Cabinet will today consider whether to raise New Zealand's refugee quota, which hasn't moved in nearly three decades.
The Government has come under increasing pressure to double the current quota of 750, with Opposition political parties and groups such as Amnesty International leading the charge.
On Saturday night a plane carrying a banner reading 'It's time to double the refugee quota' flew over Eden Park just before the All Blacks vs Wales match.
Talking to Paul Henry this morning, Prime Minister John Key wouldn't confirm or deny whether the quota would go up.
"Cabinet's considering the matter today," he said. "It'll go through the various options. There are a range of options listed in the paper of what we could do, and we'll make a decision on that."
World Refugee Day is a week away, but on Wednesday there will be a reception at Parliament hosted by the Red Cross and Minister of Immigration Michael Woodhouse. The Australia and New Zealand representative of the United Nations High Commissioner for Refugees, Mr Thomas Albrecht, will also be there.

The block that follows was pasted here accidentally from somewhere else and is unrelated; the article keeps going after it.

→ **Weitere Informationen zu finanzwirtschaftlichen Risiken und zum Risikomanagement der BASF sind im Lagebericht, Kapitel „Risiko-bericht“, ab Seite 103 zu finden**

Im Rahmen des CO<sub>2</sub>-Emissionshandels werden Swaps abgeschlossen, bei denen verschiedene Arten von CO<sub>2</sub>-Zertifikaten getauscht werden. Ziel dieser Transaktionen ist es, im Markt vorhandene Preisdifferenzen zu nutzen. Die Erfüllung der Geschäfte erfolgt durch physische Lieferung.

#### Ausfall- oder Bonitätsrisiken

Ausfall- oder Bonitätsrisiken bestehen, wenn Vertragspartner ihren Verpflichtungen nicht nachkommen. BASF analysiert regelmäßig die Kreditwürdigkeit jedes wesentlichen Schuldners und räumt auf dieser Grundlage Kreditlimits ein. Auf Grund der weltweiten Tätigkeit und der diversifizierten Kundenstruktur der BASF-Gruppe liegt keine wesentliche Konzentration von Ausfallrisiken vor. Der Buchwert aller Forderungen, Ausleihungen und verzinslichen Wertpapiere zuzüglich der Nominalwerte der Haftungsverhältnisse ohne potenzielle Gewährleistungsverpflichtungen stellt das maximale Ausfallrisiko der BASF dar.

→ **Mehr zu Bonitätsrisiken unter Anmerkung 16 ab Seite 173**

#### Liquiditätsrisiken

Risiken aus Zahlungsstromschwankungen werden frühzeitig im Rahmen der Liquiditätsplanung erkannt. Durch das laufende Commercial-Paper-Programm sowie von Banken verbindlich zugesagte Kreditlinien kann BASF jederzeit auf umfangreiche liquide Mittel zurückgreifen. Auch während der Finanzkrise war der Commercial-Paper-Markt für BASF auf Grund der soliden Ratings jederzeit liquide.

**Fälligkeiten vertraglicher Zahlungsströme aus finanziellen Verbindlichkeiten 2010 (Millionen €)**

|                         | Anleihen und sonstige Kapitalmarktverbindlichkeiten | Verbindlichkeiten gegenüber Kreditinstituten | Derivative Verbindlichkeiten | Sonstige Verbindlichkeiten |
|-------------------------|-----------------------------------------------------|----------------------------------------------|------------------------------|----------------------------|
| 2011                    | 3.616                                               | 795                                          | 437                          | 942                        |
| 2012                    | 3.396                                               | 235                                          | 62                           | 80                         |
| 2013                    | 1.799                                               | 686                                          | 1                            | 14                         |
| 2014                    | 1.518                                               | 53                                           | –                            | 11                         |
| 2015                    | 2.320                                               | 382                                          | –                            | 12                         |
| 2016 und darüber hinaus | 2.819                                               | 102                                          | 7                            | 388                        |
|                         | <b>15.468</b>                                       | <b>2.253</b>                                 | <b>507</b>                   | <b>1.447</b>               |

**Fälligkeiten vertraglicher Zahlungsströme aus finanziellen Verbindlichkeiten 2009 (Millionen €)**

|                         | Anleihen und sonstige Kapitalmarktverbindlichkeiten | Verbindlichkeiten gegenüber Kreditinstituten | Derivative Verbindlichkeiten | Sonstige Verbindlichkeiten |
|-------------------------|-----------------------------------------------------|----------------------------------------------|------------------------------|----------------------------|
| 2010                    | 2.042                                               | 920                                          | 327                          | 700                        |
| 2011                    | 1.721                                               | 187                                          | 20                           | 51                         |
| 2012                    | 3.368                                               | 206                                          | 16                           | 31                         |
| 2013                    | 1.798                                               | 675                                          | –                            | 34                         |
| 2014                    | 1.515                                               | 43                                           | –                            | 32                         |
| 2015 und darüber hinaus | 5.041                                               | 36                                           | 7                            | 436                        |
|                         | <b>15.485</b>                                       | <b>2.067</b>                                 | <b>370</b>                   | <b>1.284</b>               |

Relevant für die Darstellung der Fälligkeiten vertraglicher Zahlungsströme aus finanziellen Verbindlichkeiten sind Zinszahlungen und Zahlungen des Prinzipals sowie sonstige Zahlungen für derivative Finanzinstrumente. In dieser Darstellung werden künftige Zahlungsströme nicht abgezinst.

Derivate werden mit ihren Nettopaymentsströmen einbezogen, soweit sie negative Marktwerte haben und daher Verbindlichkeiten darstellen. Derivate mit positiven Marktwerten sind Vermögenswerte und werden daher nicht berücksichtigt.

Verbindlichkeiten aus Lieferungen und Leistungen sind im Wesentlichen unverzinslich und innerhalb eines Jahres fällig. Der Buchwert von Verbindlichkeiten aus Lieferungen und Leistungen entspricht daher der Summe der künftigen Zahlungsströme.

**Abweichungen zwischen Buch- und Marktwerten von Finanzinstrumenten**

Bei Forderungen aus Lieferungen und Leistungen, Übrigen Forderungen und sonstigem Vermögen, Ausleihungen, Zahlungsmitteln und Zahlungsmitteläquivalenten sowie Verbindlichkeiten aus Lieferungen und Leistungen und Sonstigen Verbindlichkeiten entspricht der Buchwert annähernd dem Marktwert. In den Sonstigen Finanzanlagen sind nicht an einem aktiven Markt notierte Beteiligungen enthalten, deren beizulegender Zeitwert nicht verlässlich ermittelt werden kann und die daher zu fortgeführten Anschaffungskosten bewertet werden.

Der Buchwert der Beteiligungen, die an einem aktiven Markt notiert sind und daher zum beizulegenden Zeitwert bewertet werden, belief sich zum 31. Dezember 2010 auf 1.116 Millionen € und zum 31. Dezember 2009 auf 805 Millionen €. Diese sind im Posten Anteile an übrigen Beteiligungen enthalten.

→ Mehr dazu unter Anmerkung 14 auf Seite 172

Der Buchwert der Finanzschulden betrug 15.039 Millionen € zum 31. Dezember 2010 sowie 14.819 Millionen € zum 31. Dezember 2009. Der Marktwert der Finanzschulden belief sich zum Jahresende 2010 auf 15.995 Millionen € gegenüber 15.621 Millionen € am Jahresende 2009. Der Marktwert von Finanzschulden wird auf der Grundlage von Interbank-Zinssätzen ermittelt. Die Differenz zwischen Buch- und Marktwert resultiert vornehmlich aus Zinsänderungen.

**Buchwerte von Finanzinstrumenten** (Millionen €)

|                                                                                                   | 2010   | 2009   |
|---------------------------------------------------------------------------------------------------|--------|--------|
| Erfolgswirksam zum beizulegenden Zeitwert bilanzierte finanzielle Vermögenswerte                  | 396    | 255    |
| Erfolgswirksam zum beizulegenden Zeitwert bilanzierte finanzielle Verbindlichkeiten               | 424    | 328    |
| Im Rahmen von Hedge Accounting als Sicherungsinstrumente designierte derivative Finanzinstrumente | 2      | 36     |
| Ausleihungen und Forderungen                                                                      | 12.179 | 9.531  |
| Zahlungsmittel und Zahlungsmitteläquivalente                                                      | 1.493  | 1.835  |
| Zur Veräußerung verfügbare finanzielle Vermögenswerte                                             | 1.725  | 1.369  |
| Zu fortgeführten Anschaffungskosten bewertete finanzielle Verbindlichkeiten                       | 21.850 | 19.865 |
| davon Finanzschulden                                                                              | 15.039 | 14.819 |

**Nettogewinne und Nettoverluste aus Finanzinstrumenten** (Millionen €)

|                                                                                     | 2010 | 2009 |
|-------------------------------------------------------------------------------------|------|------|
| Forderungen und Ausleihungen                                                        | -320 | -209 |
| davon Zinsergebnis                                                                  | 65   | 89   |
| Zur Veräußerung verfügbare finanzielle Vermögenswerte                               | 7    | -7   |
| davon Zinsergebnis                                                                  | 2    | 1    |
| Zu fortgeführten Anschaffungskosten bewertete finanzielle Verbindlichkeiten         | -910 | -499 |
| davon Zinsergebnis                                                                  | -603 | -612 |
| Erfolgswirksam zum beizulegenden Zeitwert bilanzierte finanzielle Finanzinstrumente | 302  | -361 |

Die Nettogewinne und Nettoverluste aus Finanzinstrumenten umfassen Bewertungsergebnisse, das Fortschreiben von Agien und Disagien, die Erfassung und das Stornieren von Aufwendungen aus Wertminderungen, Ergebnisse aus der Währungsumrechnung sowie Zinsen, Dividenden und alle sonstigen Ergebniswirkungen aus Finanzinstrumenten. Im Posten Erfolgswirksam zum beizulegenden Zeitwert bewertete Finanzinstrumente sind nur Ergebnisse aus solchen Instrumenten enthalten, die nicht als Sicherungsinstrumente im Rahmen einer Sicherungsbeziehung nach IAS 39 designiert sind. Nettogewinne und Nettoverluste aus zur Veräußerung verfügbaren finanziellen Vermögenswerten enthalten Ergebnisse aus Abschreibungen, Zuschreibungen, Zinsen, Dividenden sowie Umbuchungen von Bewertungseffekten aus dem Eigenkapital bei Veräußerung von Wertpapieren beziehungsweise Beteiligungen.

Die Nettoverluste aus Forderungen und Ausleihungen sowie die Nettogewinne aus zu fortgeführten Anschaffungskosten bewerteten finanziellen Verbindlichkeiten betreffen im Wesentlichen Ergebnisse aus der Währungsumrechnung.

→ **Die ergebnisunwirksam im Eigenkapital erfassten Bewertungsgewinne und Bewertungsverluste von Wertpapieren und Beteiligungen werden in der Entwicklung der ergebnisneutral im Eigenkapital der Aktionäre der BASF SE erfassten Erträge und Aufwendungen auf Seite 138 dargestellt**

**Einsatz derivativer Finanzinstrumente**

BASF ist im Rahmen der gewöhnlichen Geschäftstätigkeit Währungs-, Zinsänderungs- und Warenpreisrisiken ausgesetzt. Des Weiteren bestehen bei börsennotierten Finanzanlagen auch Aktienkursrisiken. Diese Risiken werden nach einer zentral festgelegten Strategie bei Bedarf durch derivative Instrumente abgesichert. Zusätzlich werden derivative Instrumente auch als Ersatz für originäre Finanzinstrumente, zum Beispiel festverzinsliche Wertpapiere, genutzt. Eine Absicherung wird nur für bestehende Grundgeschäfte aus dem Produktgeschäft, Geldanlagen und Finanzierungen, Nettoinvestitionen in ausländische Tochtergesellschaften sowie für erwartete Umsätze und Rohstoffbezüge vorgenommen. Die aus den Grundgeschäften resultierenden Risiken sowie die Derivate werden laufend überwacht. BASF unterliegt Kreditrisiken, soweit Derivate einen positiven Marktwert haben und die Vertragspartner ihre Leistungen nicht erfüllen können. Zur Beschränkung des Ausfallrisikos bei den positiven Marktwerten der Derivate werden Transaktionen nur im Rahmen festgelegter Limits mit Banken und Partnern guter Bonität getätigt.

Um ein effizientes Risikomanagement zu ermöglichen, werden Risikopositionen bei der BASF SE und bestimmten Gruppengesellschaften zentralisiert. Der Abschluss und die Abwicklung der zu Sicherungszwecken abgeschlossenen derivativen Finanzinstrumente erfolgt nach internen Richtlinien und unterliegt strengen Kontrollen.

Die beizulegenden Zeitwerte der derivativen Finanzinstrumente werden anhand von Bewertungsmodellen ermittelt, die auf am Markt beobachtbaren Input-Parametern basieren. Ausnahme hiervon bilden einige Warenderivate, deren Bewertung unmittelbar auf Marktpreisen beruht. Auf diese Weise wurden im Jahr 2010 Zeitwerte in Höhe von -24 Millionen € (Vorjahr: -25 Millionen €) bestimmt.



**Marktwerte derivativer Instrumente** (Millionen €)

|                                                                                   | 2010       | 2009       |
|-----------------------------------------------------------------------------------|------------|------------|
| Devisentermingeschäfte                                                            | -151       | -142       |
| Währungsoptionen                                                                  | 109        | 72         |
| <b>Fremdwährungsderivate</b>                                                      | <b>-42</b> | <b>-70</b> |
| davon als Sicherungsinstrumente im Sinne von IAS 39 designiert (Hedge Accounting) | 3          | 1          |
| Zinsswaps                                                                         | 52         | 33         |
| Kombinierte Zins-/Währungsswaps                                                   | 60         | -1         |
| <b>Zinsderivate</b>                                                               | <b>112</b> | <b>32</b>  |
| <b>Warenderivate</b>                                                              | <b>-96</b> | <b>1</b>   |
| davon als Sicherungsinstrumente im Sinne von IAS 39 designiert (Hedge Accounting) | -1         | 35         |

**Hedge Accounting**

The Government in 2013 committed to reviewing the quota in 2016. While it's currently 750, the number of people settled in New Zealand is usually a bit over 1000, with an extra 300 or so refugees' family members also allowed in, as well as asylum seekers fleeing persecution.
There are also occasional one-off intakes, such as that announced in September 2015 of an extra 600 Syrian refugees over the next few years.
"There's no question we've lagged behind most other countries," said Labour leader Andrew Little. "The Government can afford to lift our refugee quota to 1500, to double it, and that's what they should do."
"I'm somewhat sympathetic to potentially a move, I understand the pressure's there," said Mr Key. "But I have to balance that off a number of other issues."
The quota was set in 1987. If it had increased with population, it would now be about 1025.